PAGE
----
Related Article: How to Use Intent Data for Content Marketing
How Do You Connect Company-Level Intent Data With Decision Makers?
Third-party intent data solutions mostly — though not always — provide insights at the company level, rather than the contact level. This is due to various factors, ranging from intent-derivation techniques to sensitivity regarding data-privacy regulations.
Obviously, marketers and sellers need more than company-level information. That’s why using intent to improve targeting for lead generation initiatives (such as content syndication) is so valuable — you get content-level data from intent-identified accounts without running afoul of data-privacy regulations.
Once you have contacts in your database, leveraging data integrations (e.g., with CRMs like Salesforce) enables you to append intent scores to individual decision-makers at your target accounts. Though these intent scores are based on the target account’s aggregate content-consumption activity, analyzing such company intelligence alongside the contact’s individual engagement activities provides very useful information.
Where in the Buyer’s Journey Is Intent Data Used, and How?
The short answer: almost everywhere.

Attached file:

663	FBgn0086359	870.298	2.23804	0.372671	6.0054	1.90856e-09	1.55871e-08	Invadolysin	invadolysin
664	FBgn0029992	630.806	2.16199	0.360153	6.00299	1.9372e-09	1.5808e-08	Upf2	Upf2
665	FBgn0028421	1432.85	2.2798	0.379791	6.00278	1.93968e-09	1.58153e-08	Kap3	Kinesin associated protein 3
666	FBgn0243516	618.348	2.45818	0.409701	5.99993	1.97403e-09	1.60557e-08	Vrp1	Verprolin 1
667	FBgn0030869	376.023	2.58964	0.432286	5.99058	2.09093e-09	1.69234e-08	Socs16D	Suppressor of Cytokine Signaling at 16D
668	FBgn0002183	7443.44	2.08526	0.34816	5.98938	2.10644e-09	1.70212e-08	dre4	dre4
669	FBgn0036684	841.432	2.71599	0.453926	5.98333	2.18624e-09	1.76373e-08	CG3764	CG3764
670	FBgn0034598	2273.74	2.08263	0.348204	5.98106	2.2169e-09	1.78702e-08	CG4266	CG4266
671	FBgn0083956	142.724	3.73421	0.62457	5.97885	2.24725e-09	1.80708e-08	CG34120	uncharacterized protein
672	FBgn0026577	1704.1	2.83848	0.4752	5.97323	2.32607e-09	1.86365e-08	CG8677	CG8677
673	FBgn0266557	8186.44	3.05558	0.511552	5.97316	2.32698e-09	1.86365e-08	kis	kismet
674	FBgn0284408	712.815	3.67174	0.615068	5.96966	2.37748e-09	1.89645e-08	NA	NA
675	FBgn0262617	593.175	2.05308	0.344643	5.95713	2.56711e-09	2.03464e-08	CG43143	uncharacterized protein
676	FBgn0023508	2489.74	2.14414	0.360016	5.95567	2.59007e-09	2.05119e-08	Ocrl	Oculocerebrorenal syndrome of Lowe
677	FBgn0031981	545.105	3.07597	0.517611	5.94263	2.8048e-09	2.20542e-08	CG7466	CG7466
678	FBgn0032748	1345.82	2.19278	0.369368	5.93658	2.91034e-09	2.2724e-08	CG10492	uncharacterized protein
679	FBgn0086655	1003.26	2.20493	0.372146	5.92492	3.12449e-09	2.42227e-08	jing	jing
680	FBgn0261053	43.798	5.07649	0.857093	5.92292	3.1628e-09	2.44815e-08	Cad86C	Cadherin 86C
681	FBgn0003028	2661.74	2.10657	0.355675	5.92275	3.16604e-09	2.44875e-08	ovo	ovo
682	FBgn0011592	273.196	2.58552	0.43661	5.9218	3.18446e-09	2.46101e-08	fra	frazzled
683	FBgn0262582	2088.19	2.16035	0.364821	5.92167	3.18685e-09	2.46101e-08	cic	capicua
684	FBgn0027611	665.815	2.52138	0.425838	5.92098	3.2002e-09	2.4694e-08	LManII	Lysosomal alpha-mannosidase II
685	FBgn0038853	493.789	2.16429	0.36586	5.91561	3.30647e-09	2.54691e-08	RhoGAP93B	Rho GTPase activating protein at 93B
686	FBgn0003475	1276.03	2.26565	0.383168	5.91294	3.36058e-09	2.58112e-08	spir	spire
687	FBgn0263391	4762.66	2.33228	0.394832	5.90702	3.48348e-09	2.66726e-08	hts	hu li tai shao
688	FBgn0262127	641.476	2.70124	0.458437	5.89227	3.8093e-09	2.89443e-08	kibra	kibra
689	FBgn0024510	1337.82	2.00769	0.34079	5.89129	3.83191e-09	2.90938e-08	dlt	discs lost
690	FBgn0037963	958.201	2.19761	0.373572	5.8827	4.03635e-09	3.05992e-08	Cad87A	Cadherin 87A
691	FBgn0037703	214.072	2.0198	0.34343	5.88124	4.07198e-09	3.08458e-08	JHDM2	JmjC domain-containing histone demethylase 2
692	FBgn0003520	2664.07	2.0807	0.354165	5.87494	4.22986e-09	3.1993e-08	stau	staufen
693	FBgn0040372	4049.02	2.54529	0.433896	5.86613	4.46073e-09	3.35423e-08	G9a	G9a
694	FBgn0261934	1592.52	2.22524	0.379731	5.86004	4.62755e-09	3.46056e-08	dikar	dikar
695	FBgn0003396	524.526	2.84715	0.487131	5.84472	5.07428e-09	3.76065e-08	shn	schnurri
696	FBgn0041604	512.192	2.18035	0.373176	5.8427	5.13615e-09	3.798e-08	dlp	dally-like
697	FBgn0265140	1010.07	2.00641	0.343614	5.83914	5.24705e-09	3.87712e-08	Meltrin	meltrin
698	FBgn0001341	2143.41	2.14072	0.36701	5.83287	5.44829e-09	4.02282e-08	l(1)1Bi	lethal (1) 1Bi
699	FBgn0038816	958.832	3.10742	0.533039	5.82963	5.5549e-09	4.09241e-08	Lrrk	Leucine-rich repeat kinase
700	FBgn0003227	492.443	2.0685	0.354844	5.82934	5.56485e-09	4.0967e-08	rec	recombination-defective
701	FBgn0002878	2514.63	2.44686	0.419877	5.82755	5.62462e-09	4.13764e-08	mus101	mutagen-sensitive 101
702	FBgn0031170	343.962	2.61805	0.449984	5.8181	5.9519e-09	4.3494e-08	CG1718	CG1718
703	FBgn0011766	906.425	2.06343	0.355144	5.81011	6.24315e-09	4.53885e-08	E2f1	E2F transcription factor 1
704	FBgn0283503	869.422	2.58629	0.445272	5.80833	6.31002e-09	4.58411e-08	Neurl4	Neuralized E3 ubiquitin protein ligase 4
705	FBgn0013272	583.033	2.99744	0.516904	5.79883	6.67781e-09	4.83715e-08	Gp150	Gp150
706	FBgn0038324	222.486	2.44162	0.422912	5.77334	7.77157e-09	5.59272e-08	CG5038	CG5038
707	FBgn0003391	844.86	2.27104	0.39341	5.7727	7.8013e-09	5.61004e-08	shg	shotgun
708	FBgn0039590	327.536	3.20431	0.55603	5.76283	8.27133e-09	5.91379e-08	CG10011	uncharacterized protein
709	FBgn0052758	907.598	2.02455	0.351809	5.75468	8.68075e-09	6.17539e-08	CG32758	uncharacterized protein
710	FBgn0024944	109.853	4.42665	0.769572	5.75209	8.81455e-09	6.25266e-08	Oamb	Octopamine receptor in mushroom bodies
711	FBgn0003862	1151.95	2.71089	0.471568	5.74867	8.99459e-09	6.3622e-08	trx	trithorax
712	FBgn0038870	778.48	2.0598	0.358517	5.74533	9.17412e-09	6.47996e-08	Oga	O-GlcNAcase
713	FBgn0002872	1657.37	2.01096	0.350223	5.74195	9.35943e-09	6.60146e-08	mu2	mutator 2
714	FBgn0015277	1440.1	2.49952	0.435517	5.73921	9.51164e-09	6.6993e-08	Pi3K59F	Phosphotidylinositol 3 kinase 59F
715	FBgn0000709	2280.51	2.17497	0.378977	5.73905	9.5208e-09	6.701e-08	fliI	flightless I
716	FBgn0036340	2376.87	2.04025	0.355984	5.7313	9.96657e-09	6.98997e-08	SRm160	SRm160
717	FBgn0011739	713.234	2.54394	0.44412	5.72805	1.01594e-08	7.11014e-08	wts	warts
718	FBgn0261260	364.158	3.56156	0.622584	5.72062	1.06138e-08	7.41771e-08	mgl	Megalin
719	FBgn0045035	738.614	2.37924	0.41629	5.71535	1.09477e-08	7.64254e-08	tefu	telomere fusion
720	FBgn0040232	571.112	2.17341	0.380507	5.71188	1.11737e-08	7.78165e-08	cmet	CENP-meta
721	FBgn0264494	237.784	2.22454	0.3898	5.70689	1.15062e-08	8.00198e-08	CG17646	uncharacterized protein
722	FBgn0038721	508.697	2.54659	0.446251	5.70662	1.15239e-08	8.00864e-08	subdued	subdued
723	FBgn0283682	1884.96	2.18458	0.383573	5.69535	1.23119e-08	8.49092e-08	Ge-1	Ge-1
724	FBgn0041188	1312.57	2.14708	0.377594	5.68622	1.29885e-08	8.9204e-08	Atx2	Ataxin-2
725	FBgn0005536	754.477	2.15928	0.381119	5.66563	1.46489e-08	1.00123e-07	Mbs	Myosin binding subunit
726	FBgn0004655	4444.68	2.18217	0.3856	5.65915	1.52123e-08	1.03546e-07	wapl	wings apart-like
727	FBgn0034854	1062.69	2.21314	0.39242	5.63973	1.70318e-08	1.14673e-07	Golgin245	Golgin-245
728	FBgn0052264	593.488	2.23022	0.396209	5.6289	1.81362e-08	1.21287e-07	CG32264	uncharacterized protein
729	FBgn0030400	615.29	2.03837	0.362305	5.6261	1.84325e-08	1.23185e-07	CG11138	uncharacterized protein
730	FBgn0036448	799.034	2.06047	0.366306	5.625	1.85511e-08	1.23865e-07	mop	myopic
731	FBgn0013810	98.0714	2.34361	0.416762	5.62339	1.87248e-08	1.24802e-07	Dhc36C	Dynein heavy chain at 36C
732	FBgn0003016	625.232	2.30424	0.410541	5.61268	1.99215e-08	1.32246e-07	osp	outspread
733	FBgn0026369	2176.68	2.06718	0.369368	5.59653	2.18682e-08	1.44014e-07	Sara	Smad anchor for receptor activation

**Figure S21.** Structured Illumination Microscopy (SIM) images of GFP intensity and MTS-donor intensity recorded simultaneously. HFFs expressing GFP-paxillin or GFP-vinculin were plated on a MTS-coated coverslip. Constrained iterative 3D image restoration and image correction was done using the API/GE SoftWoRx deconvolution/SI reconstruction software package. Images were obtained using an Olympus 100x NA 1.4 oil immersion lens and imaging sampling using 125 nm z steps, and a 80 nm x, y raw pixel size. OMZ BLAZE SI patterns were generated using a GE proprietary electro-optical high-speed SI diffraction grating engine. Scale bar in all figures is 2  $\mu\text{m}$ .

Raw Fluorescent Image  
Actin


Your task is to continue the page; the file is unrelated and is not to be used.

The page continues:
Intent data can support use cases from the very beginning of the buy-cycle (e.g., branding via programmatic advertising) all the way down to post-sale account expansion efforts (e.g., identifying when customers are ready for to cross-sell). Pretty much any marketing, sales, or customer success effort that relies on knowing when a company is “in market” to buy and what they’re interested in will benefit from intent data. (Here’s an overview of the lesser-known intent data use cases.)
Moreover, intent data can help you identify where your target accounts are in their buyer’s journey. Analyzing the research activities of your target accounts against specific types of topics or keywords can indicate their funnel position.
For example, when a company is spiking on topics or keywords related to challenges, problems, or pain points, that usually indicates the account is early in their journey and simply trying to better understand their challenge. However, when a company is showing interest in topics or keywords related to specific brand names or product names, it indicates the company is further along their buyer journey, and considering specific solution providers.
These are just a handful of important questions that frequently come up during my conversations with B2B marketing and sales teams. If you have any questions about intent data, reach out to me and I’ll be more than happy to try to answer them.